Beyaz Toros by Göksu Baysal
Publisher: Self published
Format: Hardcover, Handcrafted, Printed in black risograph
Edition: 1st Printing, Edition of 125 copies
A car as a metaphor
In every modern society we find everyday things that have become symbols due to different circumstances. In particular, certain cars have a cult-like quality in various cultural areas. In Germany, for example, it is the VW Beetle, which in the 1950s represents the so-called economic miracle. In Turkey, it has been the Renault 12, which was produced there under license since the 1970s. Valued by many as an affordable vehicle, the model was later also feared as “Beyaz Toros” (White Toros).
This is what Turkish artist Göksu Baysal demonstrates in his conceptual group of works based on a historical-sociological investigation. The simple cars known as “White Toros,” specifically the Renault 12, which is also popular among the Anatolian rural population, are also considered a symbol for the numerous kidnappings of Kurds by JITEM (an informal secret service of the Turkish gendarmerie), Baysal reports. And so such a car, in the form of a negative image taken in Istanbul, parked on the side of the road, stands at the beginning of an enigmatically dark narrative. The image of the Renault exists several times within the project, also as a positive print; there we recognize the license plate with the letter combination KKP, which is turned – barely visible – into PKK by the negative print. A mere coincidence, which is not to be interpreted here as a conscious political statement. At the time, Baysal was guiding a fellow German student through Istanbul, explaining to her the enigmatic meaning of this French-Turkish vehicle type – and subsequently photographing the specific car in front of the grocery store. In Eastern Anatolia, Baysal then set out in search of the traces of the disappeared and abducted Kurds of the past decades and allows us, here with purely artistic means, to look into the still smoldering, seemingly insoluble Turkish-Kurdish conflict. When we finally find out about the background of his images, we can only look for possible traces of the tragic consequences of the conflict in his pictures.
But Baysal avoided getting too specific in his project; the conflict itself, through the metaphorical shift, takes place, as it were, only in our heads, and indeed it is almost invisible.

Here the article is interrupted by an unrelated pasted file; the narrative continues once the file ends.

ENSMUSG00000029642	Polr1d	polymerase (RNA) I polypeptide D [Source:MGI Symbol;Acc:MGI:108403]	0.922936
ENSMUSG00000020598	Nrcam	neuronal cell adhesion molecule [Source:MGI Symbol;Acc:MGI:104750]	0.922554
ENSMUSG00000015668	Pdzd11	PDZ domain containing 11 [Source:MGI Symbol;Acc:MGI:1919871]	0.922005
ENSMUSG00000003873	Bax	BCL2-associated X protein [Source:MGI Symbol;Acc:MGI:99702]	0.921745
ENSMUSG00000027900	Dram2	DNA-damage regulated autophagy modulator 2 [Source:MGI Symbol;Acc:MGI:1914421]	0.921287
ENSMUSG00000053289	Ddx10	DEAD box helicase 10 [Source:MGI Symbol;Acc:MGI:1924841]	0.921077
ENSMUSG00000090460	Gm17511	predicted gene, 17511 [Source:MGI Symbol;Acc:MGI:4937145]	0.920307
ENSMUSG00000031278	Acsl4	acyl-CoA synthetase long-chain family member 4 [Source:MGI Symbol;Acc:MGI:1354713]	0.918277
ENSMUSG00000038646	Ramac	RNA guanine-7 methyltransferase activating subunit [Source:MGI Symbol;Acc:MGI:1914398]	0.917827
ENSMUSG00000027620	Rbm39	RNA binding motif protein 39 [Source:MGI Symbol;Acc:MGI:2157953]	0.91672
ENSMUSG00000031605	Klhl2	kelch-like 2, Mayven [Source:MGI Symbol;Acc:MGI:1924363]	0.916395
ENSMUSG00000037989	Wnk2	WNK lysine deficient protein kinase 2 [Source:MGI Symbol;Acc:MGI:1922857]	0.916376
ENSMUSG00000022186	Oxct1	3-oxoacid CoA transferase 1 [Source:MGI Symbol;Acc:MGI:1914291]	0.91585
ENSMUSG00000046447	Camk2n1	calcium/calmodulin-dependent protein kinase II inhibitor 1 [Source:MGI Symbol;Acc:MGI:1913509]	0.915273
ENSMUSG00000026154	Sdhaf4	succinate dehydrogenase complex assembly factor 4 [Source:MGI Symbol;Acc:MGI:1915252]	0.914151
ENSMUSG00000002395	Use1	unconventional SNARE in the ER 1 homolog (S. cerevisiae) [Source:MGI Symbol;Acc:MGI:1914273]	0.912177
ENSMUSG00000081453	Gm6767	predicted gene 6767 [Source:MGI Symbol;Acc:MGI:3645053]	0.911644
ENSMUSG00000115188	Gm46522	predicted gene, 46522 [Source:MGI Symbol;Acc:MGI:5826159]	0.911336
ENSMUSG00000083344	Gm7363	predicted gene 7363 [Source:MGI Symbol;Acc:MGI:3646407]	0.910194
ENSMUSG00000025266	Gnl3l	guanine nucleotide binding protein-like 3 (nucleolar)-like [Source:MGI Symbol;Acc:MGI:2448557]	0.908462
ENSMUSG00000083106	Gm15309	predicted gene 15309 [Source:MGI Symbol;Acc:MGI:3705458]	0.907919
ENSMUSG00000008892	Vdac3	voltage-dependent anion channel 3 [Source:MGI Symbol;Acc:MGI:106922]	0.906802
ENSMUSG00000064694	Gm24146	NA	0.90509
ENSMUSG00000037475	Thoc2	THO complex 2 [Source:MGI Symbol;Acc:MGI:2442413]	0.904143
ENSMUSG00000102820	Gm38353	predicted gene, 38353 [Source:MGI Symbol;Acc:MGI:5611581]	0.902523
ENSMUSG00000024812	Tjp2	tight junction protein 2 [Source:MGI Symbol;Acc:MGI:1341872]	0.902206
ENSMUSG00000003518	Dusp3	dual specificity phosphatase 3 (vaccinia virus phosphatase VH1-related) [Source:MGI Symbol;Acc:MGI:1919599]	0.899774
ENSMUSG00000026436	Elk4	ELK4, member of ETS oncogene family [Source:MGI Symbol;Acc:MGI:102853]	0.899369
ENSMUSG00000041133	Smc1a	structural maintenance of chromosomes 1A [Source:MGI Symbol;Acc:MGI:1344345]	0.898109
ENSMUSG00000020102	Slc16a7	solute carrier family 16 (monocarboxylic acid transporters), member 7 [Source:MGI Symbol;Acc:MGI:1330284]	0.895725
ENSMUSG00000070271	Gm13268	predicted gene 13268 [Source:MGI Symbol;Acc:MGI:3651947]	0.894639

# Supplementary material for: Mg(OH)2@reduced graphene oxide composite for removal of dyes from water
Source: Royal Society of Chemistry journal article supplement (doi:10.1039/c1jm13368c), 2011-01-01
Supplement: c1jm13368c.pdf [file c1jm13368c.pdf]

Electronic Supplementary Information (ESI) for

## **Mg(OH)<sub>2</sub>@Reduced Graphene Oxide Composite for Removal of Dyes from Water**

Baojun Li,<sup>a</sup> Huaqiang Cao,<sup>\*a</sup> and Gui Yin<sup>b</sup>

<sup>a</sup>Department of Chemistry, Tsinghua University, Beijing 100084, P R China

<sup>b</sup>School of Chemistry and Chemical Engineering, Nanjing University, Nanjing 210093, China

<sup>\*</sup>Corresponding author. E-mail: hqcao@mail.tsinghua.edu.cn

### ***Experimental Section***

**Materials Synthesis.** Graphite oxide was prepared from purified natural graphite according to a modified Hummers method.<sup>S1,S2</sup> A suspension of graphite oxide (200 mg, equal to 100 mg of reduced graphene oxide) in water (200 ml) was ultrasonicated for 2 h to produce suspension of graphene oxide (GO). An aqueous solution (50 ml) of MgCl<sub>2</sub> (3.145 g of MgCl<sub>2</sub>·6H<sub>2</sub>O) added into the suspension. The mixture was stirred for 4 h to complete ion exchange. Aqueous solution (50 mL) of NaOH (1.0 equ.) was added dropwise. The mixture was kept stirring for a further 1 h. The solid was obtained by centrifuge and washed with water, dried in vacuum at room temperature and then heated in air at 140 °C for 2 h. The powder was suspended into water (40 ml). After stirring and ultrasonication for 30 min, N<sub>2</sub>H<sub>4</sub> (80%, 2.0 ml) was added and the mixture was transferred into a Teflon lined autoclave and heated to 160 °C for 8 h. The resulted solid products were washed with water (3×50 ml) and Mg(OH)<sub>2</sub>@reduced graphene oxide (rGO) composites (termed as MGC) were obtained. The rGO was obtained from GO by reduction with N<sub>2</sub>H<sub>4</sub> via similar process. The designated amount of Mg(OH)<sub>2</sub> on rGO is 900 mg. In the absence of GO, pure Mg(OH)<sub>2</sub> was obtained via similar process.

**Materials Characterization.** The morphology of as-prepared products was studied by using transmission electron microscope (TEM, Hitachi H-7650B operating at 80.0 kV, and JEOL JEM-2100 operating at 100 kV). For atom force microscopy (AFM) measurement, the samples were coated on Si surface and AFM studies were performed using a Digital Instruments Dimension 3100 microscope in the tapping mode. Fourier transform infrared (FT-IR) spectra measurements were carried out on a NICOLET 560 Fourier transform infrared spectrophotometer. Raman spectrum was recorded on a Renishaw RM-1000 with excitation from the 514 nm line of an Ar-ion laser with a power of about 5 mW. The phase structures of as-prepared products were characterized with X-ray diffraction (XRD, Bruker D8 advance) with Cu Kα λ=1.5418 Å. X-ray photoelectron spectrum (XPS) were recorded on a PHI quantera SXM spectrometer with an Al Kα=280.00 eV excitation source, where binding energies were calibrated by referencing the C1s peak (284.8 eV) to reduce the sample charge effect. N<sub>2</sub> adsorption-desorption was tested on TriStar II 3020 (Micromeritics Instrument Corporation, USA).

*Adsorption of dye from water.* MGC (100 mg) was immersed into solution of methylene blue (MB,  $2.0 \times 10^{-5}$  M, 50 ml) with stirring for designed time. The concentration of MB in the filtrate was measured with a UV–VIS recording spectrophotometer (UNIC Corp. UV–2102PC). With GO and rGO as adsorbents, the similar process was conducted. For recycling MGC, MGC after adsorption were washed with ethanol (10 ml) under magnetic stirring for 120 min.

During his research and his “road trip,” Baysal documents the scenic Turkish-Armenian border region: on the Turkish side he captures huge national flags, milled into mountain ranges, but also the barren vastness of Eastern Anatolia, through to landscape abstractions and plant details. His deep, almost emotional interest in the genre of landscape is also fed by his earlier preoccupation with Near Eastern archaeology and now flows into a poetic-visual connection. Finally, in the sequence of his photographs, we stumble upon pure material studies, be they rock images, shots of rebar he tracks down at construction sites in the countryside as well as in cities, of corrugated iron walls or indefinable concrete cubes. In terms of content and motif, all this can also be brought together with his sculptural work (in the class of Manfred Pernice, i.e.) his own sculptures made of welded metal rods, concrete and flat metal sheets.
Looking at Baysal’s untitled black-and-white photographs in this publication or in the Berlin exhibition, which are arranged neither topographically nor chronologically, we do not know with certainty where we are. Thus, deserted urban scenes stand on equal footing with vast landscapes, surveillance cameras next to rock formations, and appropriated advertising images for the Renault 12 as they appeared in magazines in Germany, France, and Turkey at the time. The juxtaposition of this particular car in Western and non-Western cultural circles – through historical material or fragments from advertising – not only makes visible the political dimension in this presentation, but also illuminates social value concepts. The model from Turkish production ultimately became the title of Baysal’s long-term project. In 1971, as we see here in a reproduced advertisement, the car became also available in Turkey, and later we also encounter in the series of images the undated anniversary advertisement of a decorated “White Toro,” which at the time was sold 250,000 times in Turkey; harmless images at first, but with the knowledge that some of these vehicles were also used for political atrocities, as well as for drug smuggling, they take on an explosive valorization.
Some of these photographs from Turkey, taken in 2018, 2019, and 2020, Baysal then continues to process in his Berlin darkroom, printing them in a wide variety of sizes, transforming them into negative prints, exposing two motifs on top of each other, and in this way allowing people and architecture to permeate each other. Finally, strange hybrids between negative and positive prints are created by repeated exposures of one photograph by another of the same motif in direct contact in the darkroom, comparable to a solarization effect from the experimental photography of the 1920s. We are still accustomed to ascribing a certain authenticity almost automatically to the image of the world in the form of an analog-positive photograph; however, this shifts with negative prints such as these, because the color value reversal also transports the image motif and its effect into the abstract and imaginative.